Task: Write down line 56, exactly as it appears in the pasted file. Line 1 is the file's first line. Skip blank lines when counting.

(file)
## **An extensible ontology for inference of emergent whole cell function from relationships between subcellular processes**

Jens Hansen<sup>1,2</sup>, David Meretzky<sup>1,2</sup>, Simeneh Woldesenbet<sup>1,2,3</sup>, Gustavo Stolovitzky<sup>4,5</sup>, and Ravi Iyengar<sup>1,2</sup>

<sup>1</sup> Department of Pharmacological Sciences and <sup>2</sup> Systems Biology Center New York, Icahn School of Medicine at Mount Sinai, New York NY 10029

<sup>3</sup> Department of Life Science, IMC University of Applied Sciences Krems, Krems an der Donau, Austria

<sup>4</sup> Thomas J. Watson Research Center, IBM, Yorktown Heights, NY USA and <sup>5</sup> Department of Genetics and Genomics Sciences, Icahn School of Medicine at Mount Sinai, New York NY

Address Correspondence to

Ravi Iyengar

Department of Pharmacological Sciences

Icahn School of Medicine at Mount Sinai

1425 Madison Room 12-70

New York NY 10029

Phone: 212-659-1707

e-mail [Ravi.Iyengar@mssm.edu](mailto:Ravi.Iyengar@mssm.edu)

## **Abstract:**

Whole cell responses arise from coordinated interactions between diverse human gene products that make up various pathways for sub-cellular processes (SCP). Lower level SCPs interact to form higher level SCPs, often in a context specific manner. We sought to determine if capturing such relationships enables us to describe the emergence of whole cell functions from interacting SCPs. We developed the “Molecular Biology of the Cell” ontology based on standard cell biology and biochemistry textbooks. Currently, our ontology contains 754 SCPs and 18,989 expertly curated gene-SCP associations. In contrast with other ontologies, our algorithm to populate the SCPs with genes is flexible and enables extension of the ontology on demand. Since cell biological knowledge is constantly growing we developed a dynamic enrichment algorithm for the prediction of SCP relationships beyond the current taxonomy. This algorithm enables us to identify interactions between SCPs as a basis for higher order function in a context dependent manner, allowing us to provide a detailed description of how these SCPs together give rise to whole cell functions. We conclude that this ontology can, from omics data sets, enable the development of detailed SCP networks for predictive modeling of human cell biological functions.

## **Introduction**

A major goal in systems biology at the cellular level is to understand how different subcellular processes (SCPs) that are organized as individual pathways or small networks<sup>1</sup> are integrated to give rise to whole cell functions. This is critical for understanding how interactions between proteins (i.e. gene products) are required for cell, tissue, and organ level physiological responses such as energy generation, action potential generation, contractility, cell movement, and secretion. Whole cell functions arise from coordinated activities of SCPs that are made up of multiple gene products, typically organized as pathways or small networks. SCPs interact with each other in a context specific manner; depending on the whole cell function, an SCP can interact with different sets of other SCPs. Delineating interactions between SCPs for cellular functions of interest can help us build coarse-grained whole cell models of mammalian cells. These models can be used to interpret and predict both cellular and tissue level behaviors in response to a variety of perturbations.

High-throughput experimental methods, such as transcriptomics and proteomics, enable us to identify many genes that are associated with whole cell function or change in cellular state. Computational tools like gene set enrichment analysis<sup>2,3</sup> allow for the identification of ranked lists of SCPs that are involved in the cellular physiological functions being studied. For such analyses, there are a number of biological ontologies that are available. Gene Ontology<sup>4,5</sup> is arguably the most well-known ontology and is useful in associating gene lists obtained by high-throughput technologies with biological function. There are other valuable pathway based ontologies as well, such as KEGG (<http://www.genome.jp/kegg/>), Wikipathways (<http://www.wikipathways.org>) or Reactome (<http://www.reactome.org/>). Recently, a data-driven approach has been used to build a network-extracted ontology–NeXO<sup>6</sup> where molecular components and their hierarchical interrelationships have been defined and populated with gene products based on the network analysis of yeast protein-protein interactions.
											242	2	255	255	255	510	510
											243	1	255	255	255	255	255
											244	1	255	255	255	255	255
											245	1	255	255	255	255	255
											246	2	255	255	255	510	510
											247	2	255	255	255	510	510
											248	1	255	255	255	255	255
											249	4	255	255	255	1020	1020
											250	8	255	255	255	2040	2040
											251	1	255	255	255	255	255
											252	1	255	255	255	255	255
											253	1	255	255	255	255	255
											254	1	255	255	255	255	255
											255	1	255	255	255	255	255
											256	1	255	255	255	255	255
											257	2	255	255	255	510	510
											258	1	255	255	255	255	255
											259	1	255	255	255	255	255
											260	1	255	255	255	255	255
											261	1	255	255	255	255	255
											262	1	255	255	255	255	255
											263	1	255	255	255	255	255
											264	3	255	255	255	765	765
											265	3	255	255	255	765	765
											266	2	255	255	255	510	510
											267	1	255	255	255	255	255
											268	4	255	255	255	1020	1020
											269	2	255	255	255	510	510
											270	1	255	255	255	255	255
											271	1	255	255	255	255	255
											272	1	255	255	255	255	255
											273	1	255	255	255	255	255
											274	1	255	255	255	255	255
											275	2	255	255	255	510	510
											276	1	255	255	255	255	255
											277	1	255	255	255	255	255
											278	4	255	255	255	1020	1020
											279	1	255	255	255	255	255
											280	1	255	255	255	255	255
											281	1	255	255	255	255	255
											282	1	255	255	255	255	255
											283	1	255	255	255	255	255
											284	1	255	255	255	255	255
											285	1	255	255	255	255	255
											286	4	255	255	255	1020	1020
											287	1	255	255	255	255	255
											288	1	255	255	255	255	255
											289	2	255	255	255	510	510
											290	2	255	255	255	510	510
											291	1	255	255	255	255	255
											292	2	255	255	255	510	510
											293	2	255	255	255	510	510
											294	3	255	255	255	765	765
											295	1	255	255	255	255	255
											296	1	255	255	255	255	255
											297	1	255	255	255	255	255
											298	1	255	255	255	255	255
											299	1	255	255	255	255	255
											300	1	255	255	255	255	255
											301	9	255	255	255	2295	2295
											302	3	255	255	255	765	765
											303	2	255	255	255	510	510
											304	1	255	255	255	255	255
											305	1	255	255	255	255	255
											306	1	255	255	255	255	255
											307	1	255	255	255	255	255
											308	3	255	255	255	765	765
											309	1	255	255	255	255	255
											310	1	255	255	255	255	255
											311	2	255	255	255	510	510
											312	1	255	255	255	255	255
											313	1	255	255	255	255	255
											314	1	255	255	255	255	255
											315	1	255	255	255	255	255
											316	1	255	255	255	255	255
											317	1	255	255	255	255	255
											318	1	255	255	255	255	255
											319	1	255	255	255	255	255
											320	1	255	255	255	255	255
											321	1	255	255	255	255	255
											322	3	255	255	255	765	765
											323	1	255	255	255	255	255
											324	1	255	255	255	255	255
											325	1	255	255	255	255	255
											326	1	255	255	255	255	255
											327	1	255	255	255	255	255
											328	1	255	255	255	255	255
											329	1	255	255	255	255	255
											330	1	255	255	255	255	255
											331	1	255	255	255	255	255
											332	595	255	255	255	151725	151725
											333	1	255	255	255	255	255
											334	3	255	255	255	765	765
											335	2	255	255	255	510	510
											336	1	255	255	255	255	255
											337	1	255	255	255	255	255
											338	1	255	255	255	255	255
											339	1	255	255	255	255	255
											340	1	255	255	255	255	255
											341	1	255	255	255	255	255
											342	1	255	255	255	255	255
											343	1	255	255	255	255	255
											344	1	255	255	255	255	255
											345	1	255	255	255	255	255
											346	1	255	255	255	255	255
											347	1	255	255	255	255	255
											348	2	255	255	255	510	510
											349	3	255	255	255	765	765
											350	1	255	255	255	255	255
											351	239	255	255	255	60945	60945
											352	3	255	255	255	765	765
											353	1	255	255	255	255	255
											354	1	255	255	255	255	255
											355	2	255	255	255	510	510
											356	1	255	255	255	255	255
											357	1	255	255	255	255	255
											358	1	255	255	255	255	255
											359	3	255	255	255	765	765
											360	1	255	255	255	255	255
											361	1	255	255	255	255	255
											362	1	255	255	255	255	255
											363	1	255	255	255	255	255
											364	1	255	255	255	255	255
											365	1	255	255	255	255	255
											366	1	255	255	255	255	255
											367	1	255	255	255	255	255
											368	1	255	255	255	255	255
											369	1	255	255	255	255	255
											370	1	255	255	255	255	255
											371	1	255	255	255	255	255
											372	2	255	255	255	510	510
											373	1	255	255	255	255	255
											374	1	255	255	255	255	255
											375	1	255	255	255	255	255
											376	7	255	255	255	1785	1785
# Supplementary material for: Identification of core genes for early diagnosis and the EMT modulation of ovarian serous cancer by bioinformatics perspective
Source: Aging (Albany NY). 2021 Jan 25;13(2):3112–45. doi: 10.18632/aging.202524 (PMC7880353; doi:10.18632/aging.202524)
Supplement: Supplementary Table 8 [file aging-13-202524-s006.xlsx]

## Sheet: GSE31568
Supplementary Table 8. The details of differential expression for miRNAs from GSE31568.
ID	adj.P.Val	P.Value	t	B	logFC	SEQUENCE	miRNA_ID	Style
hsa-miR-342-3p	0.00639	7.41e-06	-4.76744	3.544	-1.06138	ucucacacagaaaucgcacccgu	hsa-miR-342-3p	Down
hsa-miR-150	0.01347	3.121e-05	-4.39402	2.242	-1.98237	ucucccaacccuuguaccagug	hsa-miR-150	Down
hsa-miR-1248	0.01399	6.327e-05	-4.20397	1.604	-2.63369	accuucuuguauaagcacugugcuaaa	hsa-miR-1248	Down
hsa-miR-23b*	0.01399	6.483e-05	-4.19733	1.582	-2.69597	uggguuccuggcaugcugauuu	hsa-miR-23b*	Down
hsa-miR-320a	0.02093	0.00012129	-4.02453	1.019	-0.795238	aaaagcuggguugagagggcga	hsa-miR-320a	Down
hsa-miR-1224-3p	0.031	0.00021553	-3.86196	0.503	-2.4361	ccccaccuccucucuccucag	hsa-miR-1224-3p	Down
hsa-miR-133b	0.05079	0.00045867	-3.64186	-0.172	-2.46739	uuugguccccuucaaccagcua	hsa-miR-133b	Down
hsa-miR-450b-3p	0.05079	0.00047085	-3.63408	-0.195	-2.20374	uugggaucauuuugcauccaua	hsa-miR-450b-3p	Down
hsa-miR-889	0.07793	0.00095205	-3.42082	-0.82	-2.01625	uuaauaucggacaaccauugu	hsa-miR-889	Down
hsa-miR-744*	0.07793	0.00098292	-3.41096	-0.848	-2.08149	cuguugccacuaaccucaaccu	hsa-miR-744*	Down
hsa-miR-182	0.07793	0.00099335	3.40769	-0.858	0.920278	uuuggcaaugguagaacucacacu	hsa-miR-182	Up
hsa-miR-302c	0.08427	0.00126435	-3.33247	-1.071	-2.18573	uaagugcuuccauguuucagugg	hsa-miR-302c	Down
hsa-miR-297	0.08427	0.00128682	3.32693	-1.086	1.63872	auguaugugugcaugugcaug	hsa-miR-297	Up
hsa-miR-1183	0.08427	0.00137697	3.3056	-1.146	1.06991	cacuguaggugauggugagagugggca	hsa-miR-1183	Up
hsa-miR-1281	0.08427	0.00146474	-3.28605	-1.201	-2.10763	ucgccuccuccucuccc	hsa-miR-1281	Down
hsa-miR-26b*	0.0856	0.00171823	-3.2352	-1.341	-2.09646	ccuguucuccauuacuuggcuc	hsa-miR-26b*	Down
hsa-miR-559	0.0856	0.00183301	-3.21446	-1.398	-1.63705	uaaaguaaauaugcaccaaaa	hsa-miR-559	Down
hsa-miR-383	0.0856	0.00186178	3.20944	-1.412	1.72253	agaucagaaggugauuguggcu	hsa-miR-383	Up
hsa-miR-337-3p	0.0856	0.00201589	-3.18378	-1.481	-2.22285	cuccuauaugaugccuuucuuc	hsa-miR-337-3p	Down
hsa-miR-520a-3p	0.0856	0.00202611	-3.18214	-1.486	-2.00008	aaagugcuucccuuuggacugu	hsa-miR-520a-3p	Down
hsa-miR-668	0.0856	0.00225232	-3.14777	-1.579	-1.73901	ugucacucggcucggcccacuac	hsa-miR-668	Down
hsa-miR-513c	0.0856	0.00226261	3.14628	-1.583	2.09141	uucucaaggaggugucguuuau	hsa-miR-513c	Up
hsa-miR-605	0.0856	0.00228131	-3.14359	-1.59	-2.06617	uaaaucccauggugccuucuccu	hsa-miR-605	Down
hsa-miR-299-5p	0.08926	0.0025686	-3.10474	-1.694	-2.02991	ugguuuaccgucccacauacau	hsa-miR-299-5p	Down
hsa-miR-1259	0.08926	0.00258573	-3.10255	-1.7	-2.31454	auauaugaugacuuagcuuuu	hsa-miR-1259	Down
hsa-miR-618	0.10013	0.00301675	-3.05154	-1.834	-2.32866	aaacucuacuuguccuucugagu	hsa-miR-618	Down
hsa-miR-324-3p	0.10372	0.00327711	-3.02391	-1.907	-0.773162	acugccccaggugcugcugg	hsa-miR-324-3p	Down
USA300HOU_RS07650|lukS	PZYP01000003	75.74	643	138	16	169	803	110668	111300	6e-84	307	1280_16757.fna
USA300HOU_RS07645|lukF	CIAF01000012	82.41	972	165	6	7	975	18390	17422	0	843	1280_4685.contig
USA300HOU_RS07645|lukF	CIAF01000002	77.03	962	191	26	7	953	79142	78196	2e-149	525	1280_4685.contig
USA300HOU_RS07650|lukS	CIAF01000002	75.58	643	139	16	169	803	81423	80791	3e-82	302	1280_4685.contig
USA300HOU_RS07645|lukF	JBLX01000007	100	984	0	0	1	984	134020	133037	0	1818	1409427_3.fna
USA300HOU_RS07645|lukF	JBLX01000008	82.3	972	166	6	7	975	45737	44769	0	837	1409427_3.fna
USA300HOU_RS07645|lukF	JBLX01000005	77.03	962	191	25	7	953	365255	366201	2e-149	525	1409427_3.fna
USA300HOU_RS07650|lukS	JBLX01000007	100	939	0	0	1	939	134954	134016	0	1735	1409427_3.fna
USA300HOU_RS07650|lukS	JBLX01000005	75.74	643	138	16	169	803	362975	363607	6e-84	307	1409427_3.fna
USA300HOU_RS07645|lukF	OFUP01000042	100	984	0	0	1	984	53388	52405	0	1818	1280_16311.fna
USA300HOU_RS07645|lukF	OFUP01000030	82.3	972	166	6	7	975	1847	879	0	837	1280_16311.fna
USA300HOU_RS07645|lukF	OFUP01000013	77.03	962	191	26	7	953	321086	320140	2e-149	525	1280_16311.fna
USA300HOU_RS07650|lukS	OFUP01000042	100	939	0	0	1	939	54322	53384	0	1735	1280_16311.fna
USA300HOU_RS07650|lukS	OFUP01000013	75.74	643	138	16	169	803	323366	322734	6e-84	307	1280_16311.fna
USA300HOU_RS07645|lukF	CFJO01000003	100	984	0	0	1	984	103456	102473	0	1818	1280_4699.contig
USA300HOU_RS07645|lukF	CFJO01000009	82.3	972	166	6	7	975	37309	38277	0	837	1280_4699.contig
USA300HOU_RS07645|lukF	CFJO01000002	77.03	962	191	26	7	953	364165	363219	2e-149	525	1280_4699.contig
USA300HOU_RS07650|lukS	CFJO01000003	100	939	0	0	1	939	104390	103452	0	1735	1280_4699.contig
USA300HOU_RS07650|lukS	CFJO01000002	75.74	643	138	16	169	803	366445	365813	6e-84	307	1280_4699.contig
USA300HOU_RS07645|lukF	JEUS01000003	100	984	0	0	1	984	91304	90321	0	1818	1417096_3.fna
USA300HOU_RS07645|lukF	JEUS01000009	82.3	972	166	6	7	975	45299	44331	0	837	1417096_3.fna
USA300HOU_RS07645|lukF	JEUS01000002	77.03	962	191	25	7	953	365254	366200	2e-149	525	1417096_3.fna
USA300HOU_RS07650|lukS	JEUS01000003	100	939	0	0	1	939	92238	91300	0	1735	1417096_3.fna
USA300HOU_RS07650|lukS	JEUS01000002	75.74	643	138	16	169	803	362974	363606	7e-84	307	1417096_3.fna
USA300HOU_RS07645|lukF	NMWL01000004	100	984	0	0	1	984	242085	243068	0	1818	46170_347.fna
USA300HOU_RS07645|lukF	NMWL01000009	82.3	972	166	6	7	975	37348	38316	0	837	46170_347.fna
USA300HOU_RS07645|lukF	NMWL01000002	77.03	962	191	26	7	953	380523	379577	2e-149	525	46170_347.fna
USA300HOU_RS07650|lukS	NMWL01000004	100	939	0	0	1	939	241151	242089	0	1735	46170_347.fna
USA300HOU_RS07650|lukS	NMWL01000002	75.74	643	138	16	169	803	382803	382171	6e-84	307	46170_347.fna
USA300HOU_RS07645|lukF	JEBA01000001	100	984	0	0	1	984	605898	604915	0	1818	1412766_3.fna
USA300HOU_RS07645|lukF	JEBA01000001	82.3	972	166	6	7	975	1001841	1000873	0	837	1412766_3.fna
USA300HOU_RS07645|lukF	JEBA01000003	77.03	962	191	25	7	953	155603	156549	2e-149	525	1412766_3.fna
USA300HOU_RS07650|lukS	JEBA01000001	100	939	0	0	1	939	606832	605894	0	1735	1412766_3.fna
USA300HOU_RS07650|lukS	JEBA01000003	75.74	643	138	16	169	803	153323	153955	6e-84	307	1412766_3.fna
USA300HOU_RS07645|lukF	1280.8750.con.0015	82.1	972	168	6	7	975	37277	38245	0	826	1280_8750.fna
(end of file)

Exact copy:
											279	1	255	255	255	255	255